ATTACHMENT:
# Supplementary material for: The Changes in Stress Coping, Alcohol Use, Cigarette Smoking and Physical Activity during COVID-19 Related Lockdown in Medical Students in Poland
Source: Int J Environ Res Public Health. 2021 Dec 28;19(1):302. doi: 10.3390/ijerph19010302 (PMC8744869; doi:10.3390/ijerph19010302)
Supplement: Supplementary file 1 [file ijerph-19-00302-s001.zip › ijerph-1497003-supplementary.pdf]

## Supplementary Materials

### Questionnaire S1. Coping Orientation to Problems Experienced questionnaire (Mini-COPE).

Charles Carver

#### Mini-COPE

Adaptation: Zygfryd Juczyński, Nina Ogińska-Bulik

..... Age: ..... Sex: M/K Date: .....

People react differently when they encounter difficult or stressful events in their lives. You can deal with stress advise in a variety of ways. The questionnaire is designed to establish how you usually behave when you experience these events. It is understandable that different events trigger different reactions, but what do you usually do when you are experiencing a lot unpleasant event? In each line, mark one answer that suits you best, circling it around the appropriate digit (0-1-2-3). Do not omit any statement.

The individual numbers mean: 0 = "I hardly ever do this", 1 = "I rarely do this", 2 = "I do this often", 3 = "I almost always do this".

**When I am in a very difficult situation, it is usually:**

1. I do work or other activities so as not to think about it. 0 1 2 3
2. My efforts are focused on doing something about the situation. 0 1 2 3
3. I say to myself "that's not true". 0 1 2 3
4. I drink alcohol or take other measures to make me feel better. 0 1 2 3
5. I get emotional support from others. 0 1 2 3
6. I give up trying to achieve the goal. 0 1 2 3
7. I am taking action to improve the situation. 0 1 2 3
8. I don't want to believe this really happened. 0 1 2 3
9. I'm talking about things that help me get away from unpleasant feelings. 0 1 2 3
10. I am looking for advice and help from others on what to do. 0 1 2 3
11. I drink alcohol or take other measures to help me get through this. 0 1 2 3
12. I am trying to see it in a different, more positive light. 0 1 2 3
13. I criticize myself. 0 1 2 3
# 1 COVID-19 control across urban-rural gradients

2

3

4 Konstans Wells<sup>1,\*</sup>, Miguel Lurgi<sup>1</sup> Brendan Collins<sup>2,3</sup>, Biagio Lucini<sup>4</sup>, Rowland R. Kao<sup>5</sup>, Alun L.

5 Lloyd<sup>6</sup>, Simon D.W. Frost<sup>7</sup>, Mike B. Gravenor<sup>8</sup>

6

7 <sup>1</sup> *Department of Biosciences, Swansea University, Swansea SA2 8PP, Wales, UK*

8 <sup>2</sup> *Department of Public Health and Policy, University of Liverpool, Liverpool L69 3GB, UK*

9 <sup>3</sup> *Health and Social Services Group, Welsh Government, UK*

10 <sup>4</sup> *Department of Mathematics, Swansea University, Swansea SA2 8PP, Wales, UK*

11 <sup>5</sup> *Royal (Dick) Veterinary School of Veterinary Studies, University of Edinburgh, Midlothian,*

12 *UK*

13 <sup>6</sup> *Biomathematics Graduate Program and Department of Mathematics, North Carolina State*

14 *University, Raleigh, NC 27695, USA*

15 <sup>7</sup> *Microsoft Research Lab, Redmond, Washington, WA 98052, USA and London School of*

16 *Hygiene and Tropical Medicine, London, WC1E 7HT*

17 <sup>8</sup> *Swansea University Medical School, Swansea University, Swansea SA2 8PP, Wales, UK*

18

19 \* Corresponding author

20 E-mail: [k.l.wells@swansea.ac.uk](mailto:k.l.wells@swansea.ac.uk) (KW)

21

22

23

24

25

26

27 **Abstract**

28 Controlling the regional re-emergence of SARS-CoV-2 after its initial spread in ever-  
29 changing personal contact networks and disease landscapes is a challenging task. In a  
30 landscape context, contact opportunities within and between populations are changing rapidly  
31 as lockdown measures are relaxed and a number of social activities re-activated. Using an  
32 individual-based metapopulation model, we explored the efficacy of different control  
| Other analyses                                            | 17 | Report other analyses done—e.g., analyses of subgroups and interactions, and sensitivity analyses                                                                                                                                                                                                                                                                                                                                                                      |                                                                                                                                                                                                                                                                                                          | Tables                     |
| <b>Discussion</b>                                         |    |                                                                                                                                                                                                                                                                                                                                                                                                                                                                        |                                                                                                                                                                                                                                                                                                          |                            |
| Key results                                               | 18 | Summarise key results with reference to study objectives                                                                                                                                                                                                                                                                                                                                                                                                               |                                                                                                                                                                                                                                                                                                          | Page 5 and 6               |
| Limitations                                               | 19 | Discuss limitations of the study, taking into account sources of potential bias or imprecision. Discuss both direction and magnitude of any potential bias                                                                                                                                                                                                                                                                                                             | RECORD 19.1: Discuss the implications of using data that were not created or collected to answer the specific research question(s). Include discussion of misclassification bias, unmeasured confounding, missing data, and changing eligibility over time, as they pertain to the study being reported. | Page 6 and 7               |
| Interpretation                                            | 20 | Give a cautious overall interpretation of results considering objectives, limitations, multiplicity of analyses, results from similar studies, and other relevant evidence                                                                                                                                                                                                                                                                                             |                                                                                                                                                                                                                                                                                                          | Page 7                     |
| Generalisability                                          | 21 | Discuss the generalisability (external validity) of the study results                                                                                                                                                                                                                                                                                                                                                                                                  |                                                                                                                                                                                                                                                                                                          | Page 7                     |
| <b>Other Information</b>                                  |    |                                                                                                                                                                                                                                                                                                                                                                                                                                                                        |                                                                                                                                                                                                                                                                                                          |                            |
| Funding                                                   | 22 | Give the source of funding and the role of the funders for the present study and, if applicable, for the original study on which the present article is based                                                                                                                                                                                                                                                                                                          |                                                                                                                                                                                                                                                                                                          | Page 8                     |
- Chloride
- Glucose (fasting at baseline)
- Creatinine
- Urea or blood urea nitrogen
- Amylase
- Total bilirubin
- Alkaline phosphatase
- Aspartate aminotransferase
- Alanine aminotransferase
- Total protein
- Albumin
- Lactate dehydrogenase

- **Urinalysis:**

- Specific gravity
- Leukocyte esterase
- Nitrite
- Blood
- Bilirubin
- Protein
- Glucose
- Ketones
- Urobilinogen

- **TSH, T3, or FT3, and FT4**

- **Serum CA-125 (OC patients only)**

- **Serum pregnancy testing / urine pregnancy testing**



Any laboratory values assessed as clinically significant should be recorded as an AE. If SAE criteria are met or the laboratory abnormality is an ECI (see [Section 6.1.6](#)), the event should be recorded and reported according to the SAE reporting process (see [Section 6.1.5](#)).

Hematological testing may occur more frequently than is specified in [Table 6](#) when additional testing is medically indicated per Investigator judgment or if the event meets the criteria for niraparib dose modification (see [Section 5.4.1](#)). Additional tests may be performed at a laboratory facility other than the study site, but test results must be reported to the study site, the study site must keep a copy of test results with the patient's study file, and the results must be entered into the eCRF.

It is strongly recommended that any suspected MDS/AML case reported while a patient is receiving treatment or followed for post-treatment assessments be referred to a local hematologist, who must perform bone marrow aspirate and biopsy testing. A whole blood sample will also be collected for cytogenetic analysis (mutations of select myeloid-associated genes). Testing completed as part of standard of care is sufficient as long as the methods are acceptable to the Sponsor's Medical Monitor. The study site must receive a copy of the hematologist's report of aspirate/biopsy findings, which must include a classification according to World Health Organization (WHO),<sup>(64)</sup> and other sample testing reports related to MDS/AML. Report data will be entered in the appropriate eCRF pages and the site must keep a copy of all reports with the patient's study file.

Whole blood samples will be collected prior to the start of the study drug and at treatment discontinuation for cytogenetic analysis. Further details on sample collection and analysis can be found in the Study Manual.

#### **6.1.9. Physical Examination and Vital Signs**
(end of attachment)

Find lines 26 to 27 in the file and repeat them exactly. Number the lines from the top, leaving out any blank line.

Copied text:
# 1 COVID-19 control across urban-rural gradients

2